The COVID-19 safe harbour: a shelter in the storm for directors?

The COVID-19 safe harbour provides some breathing-room for directors of companies in trouble – but the relief is time-limited and the clock is ticking, according to UNSW Business School's Pamela Hanrahan and Anil Hargovan

Treasurer Josh Frydenberg’s July economic and fiscal update confirmed what most have known for a while – that the COVID-19 pandemic has caused a serious economic contraction and that there remains significant uncertainty around the global and domestic recovery.

All businesses will have to adapt and inevitably some will not survive. Schumpeterian notions of creative destruction are little comfort to directors and managers faced with a business model that collapsed overnight and no clear sense of when normal trading conditions might return. The realisation is dawning on some that keeping their business on life-support – in the form of government support and stimulus payments – may not be in the best interests of the owners, employees or creditors as measures like JobKeeper are wound back and their sector’s post-pandemic future is uncertain.

Australian directors face the further headache of potential personal liability for insolvent trading in these circumstances. Section 588G of the Corporations Act 2001 (Cth) means directors may be on the hook if debts are incurred when there are reasonable grounds for suspecting that their company is insolvent. Subsection 588G(2) is a civil penalty provision, which means that a director can face penalties exceeding $1,000,000 if they knew or ought to have known that there were grounds for suspecting insolvency when the debt was incurred and failed to prevent it. This liability is in addition to directors’ personal responsibilities through the tax system for unpaid PAYG instalments and GST and SGC contributions.

Directors can avoid this risk by reading the writing on the wall and, if the company’s prospects are bleak, taking steps to bring in the administrators. But what if there are signs the business can be salvaged? That’s where the statutory safe harbours potentially come in.

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Keeping businesses on life-support may not be in the best interests of the owners, employees or creditors. Image: Shutterstock

The COVID-19 safe harbour

On 25 March 2020, the Commonwealth government temporarily suspended aspects of the insolvent trading law, by creating a six-month safe harbour for debts incurred ‘in the ordinary course of the company’s business’, with the option for the government to extend the period if needed. Similar measures were adopted in Singapore and the United Kingdom.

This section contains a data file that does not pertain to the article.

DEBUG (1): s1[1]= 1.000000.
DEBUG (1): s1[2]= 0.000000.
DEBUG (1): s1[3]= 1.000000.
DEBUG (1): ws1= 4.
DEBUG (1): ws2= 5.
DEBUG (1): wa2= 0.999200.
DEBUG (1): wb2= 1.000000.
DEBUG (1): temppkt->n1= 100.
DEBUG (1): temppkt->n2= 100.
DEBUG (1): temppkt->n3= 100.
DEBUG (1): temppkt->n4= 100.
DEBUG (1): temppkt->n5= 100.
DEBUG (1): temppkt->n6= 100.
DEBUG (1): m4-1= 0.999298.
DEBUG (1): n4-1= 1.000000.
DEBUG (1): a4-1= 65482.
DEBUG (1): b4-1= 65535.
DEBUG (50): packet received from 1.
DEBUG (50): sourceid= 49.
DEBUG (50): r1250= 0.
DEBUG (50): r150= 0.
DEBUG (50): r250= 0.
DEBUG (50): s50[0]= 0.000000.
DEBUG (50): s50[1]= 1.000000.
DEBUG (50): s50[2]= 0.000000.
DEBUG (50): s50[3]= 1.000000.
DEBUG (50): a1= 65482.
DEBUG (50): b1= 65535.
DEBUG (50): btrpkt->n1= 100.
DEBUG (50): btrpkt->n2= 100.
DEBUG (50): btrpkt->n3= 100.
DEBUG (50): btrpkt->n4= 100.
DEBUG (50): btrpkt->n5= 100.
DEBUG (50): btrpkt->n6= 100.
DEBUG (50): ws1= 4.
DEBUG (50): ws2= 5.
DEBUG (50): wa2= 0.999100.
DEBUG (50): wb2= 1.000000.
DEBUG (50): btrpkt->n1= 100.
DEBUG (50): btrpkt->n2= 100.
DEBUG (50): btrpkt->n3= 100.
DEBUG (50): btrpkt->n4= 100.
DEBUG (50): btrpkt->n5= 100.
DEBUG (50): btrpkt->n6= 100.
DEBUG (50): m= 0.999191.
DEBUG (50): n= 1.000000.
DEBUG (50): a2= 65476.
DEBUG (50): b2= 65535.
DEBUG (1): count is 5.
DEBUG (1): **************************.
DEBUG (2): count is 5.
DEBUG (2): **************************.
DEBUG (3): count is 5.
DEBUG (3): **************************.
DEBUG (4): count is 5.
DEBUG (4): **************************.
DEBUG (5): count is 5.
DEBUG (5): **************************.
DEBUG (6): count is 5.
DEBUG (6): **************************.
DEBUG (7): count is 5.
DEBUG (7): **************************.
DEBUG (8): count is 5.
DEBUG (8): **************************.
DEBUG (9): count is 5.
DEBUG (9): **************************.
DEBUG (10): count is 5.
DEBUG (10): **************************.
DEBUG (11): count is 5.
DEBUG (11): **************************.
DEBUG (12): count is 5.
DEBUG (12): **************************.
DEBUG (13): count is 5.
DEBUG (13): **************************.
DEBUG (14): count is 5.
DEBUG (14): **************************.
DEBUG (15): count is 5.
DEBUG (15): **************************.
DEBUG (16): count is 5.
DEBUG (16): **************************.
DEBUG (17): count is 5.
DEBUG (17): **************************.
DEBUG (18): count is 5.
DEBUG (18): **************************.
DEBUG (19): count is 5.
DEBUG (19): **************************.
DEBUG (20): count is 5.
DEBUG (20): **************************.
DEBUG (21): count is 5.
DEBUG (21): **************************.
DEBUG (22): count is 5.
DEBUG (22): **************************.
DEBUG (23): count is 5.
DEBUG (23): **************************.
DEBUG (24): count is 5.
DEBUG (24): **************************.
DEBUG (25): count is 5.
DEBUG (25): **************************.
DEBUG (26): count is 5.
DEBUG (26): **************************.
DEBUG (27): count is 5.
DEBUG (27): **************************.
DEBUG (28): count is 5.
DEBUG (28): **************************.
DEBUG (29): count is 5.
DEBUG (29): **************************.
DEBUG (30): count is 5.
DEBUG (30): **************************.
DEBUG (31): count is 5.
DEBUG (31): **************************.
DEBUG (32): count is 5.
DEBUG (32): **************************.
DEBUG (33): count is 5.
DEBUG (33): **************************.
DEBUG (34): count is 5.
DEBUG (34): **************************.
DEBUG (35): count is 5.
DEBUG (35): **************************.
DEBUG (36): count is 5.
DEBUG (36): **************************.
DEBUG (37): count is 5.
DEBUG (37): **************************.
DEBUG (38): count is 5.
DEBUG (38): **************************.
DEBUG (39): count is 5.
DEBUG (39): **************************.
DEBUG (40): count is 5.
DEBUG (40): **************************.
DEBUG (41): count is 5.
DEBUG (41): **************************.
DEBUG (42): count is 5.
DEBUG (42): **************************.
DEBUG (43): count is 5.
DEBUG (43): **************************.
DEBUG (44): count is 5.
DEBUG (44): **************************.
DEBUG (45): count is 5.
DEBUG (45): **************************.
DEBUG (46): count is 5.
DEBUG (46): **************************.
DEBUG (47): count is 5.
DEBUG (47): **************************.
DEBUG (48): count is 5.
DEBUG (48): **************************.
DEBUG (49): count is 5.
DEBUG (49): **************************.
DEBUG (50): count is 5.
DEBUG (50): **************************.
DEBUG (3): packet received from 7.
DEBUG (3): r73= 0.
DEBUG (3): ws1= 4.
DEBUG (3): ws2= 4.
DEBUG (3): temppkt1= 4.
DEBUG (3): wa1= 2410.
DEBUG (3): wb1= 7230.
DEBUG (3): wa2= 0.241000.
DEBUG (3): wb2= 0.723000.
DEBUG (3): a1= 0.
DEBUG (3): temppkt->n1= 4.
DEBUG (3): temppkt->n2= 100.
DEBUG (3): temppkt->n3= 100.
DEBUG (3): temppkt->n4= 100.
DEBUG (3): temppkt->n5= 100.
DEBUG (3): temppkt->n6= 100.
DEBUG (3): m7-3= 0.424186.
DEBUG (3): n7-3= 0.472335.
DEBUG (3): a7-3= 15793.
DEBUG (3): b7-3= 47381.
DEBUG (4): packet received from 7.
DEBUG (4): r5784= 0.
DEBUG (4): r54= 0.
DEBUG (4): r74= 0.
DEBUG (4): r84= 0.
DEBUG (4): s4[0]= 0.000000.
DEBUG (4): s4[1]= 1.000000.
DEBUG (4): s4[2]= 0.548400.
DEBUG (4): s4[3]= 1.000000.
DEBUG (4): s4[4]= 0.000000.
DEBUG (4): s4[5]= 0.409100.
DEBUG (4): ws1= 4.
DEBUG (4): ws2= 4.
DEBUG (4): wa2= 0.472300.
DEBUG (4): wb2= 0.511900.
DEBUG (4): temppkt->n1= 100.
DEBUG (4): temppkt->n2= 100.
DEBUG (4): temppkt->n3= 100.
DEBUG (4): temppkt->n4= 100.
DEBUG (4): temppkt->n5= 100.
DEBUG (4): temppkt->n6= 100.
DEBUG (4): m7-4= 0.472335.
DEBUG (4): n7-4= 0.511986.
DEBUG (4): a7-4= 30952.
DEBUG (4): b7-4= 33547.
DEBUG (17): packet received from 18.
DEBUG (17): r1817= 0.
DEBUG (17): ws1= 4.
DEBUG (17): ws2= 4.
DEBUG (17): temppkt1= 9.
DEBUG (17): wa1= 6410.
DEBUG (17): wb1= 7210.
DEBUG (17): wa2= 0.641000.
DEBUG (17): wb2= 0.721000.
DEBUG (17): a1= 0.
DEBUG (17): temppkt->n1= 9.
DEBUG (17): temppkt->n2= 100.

Section 588GAAA, contained in Schedule 12 to the Coronavirus Economic Response Package Omnibus Act 2020 (Cth), suspends the operation of the civil penalty provision in s 588G(2) for the duration. However, it does not affect the operation of s 588G(3) of the Act, which continues to make the dishonest failure to prevent the company incurring debt in these circumstances a criminal offence. Prison terms for former directors of Kleenmaid for fraud and criminal insolvent trading are a reminder that the consequences of dishonest conduct can be severe.

The COVID-19 safe harbour provides some breathing-room for directors of companies in trouble, but not much. First, the legislation puts the onus on directors to prove that any new debt was incurred in the ordinary course of business, which is not defined and may be hard to demonstrate in these ‘unprecedented’ times. Second, it does not relieve directors of their other core duties, including to act with care and diligence, in good faith and in the best interests of the company – which includes paying attention to the interests of creditors. 

Third, the relief is time-limited and the clock is ticking. Given the anticipated surge in insolvencies when the support and stimulus programs end, it is essential for boards to continuously monitor and assess the company’s financial performance and take timely remedial action when warranted. Failure to pay ongoing attention to the financial health of the company, due to a false sense of security, will potentially expose directors to the full brunt of the punitive insolvent trading laws after the COVID-19 safe harbour period ends.